The Grammy's Record of the Year Category Was Ruled by Women for the First Time in 15 Years
You waded through CBS’ ceaseless buildup and Pharrell Williams’ exhausted mumblings in the interest of celebrating (or lamenting, which can be just as much fun) this latest slate of Record of the Year Grammy Award nominees. And as the network rattled off the five names who’d be in contention for the big prize this time around, you might have noticed something interesting: for the first time in 16 years, the category is dominated almost entirely by women.
Comprising the list are Iggy Azalea (nominated for “Fancy”), Sia (for “Chandelier”), Taylor Swift (for “Shake It Off”), Meghan Trainor (for “All About that Bass”), and sole male artist Sam Smith (for “Stay with Me”), marking the first occurrence since the 41st Annual Grammy Awards in 1999 that at least four of the five nominees are female artists. That year, the category showcased Celina Dion, Madonna, and Shania Twain, in addition to The Goo Goo Dolls. Incidentally, 1999’s Album of the Year category was also the most recent to boast this degree of female occupation, with Lauryn Hill, Madonna, Sheryl Crow, Shania Twain, and the Shirley Mason-led alt rock group Garbage making up said category. Not a bad year for ladies in the music industry.
But it isn’t simply the volume of women that we should be lauding at this instance, but the thematic implications of the songs in question. Starting with Iggy Azalea’s “Fancy,” we see a championing of femininity as an ideal with the same bravado that the rap artist’s male counterparts so often drape their own gender and sexual identities. Azalea hypes up her character — a “bad b*tch” drinking cups of Ace, Goose, and Cris (never chased, of course), adorned in “high heels, somethin’ worth a half a ticket on [her] wrist” — as something to behold, to admire, and even to be a bit intimidated by.
Sia’s “Chandelier” is a somewhat more complicated piece, likewise celebrating the liberation in nighttime abandon (and paying due nod to the disconcerting remorse to follow inevitably the morning after). The interesting coupling of these themes allows Sia to illustrate the empowering function of this subculture in a young woman’s life — a realm in which to experience absolute command — without ignoring or devaluing her reign over the (often more oppressive, to all of us) daytime hours, as well.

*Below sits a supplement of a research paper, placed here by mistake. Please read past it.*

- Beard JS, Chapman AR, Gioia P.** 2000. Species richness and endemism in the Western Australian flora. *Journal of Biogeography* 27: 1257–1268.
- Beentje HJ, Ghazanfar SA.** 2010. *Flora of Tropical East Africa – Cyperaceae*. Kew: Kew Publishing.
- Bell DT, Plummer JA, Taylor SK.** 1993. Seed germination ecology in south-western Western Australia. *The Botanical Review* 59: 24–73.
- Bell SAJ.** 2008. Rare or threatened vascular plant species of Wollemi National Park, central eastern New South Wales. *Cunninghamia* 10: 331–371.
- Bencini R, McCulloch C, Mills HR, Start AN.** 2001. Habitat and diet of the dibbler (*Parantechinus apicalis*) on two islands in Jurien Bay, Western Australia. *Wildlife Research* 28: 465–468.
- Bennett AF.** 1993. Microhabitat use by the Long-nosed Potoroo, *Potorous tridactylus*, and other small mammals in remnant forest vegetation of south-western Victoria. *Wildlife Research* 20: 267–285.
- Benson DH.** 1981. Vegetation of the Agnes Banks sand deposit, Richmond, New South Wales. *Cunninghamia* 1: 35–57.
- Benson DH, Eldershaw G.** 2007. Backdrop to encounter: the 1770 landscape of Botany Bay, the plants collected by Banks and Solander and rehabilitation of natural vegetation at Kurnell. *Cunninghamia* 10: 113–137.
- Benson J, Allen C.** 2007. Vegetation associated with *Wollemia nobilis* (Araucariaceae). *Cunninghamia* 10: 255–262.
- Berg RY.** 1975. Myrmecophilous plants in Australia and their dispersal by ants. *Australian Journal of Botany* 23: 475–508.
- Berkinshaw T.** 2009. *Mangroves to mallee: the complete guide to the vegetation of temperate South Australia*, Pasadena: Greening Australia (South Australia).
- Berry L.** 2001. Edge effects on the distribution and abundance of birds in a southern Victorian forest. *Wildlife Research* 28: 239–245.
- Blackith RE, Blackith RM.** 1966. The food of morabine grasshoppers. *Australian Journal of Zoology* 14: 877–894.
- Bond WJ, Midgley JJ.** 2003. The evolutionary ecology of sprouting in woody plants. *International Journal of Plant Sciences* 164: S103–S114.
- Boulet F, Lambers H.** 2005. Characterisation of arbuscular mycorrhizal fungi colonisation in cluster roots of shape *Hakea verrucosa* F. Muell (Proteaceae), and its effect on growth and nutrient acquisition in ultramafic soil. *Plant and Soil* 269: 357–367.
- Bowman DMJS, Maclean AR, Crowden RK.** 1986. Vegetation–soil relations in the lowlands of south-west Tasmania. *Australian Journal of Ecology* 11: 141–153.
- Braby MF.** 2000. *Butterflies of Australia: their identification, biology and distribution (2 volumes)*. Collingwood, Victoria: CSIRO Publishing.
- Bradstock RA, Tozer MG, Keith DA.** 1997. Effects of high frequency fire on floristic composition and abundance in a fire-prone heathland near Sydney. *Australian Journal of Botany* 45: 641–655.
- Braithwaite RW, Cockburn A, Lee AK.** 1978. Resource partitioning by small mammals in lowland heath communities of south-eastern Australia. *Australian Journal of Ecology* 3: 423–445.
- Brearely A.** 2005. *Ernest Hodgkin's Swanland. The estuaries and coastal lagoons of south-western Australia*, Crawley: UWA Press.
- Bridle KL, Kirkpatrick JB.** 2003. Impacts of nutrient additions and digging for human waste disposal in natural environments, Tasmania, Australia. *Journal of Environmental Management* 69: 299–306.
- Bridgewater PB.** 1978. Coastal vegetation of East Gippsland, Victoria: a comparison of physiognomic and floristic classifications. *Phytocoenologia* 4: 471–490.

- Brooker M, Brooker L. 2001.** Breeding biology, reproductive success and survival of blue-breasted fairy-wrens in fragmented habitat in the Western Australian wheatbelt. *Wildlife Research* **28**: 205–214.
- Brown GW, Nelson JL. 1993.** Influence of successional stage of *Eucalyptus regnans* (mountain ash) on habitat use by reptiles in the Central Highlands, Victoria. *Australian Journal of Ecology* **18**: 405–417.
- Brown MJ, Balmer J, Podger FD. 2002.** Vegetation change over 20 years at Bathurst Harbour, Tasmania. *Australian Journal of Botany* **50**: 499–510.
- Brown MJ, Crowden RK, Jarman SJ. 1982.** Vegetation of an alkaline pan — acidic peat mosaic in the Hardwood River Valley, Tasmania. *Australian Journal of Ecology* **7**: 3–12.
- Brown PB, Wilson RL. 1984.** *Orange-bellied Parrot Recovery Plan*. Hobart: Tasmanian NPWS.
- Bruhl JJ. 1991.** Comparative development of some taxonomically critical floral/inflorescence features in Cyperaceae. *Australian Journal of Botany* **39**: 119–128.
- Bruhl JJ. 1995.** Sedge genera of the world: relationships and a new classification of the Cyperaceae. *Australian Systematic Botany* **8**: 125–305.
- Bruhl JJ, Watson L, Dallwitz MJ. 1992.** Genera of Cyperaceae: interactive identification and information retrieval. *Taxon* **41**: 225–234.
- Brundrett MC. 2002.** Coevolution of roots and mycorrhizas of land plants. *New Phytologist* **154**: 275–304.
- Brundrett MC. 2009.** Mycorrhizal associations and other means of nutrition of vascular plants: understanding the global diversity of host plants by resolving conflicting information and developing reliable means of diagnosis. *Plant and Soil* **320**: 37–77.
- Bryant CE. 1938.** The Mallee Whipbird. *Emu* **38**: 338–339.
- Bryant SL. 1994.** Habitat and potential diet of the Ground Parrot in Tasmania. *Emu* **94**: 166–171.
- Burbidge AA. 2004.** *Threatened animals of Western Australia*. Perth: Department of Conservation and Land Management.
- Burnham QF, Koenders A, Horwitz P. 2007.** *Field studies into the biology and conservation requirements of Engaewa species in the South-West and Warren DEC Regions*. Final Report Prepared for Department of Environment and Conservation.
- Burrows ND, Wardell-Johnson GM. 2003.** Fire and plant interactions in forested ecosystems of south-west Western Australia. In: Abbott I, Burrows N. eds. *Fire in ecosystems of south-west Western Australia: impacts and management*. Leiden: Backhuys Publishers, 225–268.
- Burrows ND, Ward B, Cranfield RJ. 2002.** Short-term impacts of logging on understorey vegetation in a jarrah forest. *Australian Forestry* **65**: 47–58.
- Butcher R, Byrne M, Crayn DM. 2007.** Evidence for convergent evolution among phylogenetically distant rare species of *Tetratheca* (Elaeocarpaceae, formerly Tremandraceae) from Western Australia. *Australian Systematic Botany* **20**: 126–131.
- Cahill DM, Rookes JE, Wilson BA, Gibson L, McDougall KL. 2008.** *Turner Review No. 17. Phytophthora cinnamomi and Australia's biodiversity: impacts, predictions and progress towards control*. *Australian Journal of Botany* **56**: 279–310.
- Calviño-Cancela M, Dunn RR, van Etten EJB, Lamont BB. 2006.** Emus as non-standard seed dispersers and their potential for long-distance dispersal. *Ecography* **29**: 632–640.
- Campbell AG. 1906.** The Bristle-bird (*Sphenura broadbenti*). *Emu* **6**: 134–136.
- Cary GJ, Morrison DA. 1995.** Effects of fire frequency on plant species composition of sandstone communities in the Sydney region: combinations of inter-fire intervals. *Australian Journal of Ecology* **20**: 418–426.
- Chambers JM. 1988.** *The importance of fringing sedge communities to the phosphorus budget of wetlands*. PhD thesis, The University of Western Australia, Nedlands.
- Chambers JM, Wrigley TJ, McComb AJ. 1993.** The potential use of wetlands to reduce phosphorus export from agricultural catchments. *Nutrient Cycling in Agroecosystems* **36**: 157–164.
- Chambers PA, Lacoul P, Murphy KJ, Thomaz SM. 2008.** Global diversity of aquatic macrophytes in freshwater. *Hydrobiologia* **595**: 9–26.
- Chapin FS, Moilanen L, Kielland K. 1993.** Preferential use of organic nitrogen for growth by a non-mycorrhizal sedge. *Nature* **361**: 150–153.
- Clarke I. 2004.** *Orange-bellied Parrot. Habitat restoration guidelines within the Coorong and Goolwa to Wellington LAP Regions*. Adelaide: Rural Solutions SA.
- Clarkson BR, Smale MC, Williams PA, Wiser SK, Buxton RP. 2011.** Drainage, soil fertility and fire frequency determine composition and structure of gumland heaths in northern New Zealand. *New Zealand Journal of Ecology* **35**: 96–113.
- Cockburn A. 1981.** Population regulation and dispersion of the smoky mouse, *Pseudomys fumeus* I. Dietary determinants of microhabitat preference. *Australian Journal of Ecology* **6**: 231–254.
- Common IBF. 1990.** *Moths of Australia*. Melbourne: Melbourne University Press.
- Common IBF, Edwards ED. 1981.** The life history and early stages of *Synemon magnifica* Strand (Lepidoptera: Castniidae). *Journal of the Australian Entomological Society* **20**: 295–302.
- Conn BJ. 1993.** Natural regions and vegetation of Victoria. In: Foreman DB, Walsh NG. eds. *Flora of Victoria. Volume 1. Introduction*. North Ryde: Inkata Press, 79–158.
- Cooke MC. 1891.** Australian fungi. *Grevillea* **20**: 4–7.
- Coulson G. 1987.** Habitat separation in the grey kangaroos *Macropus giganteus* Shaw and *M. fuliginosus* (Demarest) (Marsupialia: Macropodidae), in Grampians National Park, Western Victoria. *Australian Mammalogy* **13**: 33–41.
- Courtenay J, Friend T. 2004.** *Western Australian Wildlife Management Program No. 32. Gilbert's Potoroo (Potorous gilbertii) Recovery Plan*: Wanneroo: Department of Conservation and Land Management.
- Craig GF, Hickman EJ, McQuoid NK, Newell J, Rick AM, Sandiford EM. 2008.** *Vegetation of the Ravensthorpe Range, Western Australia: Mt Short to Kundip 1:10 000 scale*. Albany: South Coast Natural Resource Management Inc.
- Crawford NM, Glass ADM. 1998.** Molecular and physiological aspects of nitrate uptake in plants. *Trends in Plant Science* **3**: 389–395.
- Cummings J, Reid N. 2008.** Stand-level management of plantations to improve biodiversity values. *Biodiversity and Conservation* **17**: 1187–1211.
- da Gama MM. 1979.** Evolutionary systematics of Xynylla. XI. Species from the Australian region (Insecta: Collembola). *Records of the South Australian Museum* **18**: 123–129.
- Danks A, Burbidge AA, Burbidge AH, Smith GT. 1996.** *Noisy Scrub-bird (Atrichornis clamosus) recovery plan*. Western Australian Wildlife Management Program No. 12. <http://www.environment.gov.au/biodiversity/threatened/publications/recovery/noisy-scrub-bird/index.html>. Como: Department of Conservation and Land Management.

It’s actually a theme explored further in Taylor Swift’s “Shake It Off,” which ropes in all of the negative connotations often assigned, by society, to a woman’s inclination to embrace the sort of “fun” allowed to the male population with no threat of judgment. While Sia’s number keeps footing in a recognition of “responsible living” (itself a fine message as her motives to adhere thereto seem to be rooted internally), Swift’s is more in the mindset of rejecting whatever the culture is demanding of her: it doesn’t matter what people say about your partying, your dating habits, or anything about you. Shake it off.
Finally, we come to Meghan Trainor, who presents ostensibly, though it's been debated, a positive message (for young girls, especially): no matter what the shape of your body, you should feel beautiful. Trainor’s delightful beat, playful lyrics, and incredibly danceable rhythms are paramount in provoking an emancipation from our culture’s rigid body image hang-ups, but one that is altogether fashionable. As anyone who has heard Trainor’s fun, fresh record “All About that Bass” even once can attest, the “good vibes” of this particular record are unparalleled.
All in all, it seems like a year that we can celebrate wholly in regard to the Record of the Year category. Hopefully it won’t be another 15 years before we see the Grammys recognize this degree of female empowerment once more.
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